Review article Review articles, also called "reviews of progress," are checks on the research published in journals. Some journals are devoted entirely to review articles, some contain a few in each issue, and others do not publish review articles. Such reviews often cover the research from the preceding year, some for longer or shorter terms; some are devoted to specific topics, some to general surveys. Some journals are enumerativelisting all significant articles in a given subject; others are selective, including only what they think worthwhile.
A Step-by-Step Guide for Non-Scientists To form a truly educated opinion on a scientific subject, you need to become familiar with current research in that field. And to be able to distinguish between good and bad interpretations of research, you have to be willing and able to read the primary research literature for yourself.
Reading and understanding research papers is a skill that every single doctor and scientist has had to learn during graduate school.
You can learn it too, but like any skill it takes patience and practice. Reading a scientific paper is a completely different process from reading an article about science in a blog or newspaper.
Not only do you read the sections in a different order than they're presented, but you also have to take notes, read it multiple times, and probably go look up other papers in order to understand some of the details.
Reading a single paper may take you a very long time at first, but be patient with yourself. The process will go much faster as you gain experience.
The type of scientific paper I'm discussing here is referred to as a primary research article. It's a peer-reviewed report of new research on a specific question or questions. Most articles will be divided into the following sections: Before you begin reading a paper, take note of the authors and their institutional affiliations.
Also take note of the journal in which it's published. Be cautious of articles from questionable journalsor sites like Natural Newsthat might resemble peer-reviewed scientific journals but aren't.
Begin by reading the introduction, not the abstract.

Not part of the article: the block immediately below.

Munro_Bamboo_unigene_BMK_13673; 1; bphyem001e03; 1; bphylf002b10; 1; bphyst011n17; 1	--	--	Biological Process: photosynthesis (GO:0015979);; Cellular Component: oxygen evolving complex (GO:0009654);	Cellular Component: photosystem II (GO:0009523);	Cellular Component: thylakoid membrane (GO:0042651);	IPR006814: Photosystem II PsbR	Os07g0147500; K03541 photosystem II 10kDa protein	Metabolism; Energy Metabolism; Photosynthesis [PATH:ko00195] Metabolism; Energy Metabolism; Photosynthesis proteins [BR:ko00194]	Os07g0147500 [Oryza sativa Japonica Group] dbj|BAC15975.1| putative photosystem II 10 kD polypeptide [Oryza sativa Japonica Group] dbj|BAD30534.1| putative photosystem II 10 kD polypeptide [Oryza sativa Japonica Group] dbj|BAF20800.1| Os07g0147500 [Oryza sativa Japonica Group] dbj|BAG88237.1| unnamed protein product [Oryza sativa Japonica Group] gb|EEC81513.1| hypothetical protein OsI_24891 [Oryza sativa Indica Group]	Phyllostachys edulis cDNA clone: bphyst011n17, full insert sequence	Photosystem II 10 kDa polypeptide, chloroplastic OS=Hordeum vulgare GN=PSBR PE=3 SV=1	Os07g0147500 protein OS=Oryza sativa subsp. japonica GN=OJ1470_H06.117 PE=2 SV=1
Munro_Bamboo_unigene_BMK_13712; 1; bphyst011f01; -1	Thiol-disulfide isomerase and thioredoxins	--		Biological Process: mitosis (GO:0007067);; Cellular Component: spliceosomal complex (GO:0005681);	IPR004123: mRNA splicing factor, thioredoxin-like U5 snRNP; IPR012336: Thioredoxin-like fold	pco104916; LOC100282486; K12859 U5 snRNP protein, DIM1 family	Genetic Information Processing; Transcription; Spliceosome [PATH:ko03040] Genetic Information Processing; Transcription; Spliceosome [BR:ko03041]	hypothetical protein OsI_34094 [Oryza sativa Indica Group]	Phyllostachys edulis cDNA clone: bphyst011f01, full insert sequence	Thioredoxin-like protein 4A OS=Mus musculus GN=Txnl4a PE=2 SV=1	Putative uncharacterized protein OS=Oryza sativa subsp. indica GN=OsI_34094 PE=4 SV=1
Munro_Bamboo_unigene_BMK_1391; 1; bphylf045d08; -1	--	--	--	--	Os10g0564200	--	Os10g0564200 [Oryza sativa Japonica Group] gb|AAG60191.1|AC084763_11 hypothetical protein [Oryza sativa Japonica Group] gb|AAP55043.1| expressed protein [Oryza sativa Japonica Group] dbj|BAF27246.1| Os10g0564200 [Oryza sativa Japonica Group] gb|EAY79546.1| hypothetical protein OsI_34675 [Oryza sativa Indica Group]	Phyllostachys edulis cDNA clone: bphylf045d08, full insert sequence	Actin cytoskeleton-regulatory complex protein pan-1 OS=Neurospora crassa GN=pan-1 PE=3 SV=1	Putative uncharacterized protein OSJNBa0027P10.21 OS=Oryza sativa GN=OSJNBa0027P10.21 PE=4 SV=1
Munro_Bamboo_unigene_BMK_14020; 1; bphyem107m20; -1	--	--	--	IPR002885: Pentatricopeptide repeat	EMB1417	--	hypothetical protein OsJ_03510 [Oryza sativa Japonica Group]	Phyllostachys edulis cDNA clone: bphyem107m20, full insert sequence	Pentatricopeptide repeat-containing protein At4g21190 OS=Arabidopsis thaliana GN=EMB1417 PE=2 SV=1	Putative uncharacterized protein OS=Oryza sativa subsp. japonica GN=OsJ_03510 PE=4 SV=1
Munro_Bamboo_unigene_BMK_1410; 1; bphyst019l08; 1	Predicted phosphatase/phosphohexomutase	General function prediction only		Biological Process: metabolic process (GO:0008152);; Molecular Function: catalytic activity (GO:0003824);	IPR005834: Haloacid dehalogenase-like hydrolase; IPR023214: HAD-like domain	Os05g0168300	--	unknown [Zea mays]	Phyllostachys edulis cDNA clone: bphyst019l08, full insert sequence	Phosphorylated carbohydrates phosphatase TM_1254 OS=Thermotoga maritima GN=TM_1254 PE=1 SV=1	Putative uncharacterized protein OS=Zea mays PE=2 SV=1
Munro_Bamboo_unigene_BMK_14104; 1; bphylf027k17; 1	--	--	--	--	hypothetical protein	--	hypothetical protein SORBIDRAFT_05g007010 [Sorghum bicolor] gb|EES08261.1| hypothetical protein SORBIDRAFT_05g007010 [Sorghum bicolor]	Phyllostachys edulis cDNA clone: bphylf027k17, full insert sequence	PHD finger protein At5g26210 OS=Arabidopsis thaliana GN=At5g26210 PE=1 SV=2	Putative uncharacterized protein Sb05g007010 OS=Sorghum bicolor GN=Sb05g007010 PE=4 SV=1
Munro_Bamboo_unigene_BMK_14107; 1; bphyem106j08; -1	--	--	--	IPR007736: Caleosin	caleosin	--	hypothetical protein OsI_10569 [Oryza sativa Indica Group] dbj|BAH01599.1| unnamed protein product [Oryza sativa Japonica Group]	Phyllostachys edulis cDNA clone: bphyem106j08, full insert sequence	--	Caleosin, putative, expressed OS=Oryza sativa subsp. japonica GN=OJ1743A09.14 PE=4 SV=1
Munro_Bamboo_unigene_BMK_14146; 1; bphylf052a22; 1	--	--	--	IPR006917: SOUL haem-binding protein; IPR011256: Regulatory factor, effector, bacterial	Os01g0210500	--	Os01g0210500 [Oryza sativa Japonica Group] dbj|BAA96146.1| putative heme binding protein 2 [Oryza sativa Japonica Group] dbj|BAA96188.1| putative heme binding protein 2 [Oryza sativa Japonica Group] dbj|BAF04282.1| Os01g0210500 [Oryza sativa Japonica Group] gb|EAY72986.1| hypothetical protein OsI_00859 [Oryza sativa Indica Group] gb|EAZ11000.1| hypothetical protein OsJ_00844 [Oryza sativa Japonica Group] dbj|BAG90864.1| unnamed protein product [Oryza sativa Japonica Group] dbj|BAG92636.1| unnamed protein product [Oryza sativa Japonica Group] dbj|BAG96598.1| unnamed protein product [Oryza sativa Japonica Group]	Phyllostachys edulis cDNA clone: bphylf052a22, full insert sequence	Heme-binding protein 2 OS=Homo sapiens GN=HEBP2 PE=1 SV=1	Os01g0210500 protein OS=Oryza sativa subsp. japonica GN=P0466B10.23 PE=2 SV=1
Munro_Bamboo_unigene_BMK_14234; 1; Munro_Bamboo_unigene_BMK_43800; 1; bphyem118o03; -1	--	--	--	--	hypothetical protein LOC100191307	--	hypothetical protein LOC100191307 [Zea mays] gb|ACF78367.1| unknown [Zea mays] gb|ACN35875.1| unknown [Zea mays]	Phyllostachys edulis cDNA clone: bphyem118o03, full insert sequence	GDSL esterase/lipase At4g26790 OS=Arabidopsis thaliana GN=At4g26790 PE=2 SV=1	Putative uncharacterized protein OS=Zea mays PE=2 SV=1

The abstract is that dense first paragraph at the very beginning of a paper. In fact, that's often the only part of a paper that many non-scientists read when they're trying to build a scientific argument. This is a terrible practice. I always read the abstract last, because it contains a succinct summary of the entire paper, and I'm concerned about inadvertently becoming biased by the authors' interpretation of the results.
Identify the big question. Not "What is this paper about? Look closely for evidence of agenda-motivated research.
Summarize the background in five sentences or less.ture and format of peer-reviewed scientiﬁc manu-scripts. relevant to medical journal writing in general. The process of writing a scientiﬁc manuscript is analogous to telling a story.
|How to Read and Understand a Scientific Paper: A Step-by-Step Guide for Non-Scientists | HuffPost||Science is the concerted human effort to understand, or to understand better, the history of the natural world and how the natural world works, with observable physical evidence as the basis of that understanding1.|
|Reference List: Basic Rules // Purdue Writing Lab||Role[ edit ] Publication of manuscripts in a peer-reviewed journal often takes weeks, months or even years from the time of initial submission, owing to the time required by editors and reviewers to evaluate and critique manuscripts, and the time required by authors to address critiques.|
|INTRODUCTION||How to read and understand a scientific article. While I encourage you to go read the comments and contribute your own, here I want to focus on the much larger issue that this debate raised:|
|NSTA Journal Article||Image by James Yang http:|
Like every well-written basic science studies. Therefore, the following com-. Writing a scientific paper for a peer-reviewed journal can be as creative an act as writing the great Suomi novel, but less constrained than composing iambic pentameters.
An academic or scholarly journal is a periodical publication in which scholarship relating to a particular academic discipline is published. Academic journals serve as permanent and transparent forums for the presentation, scrutiny, and discussion of research.
They are usually peer-reviewed or refereed.
Content typically takes the form of articles . Most clinical and scientific discovery is published in peer‐reviewed journals, which are those that utilize a process by which an author's peers, or experts in the content area, evaluate the manuscript.
Following this review the manuscript is recommended for publication, revision or rejection. We’ve all heard the phrase “peer review” as giving credence to research and scholarly papers, but what does it actually mean?
How does it . The key characteristic of scientific writing is clarity. Before submitting a manuscript for publication, it is highly advisable to have a professional editing firm copy-edit your manuscript.
An article submitted to a peer-reviewed journal will be scrutinized critically by the .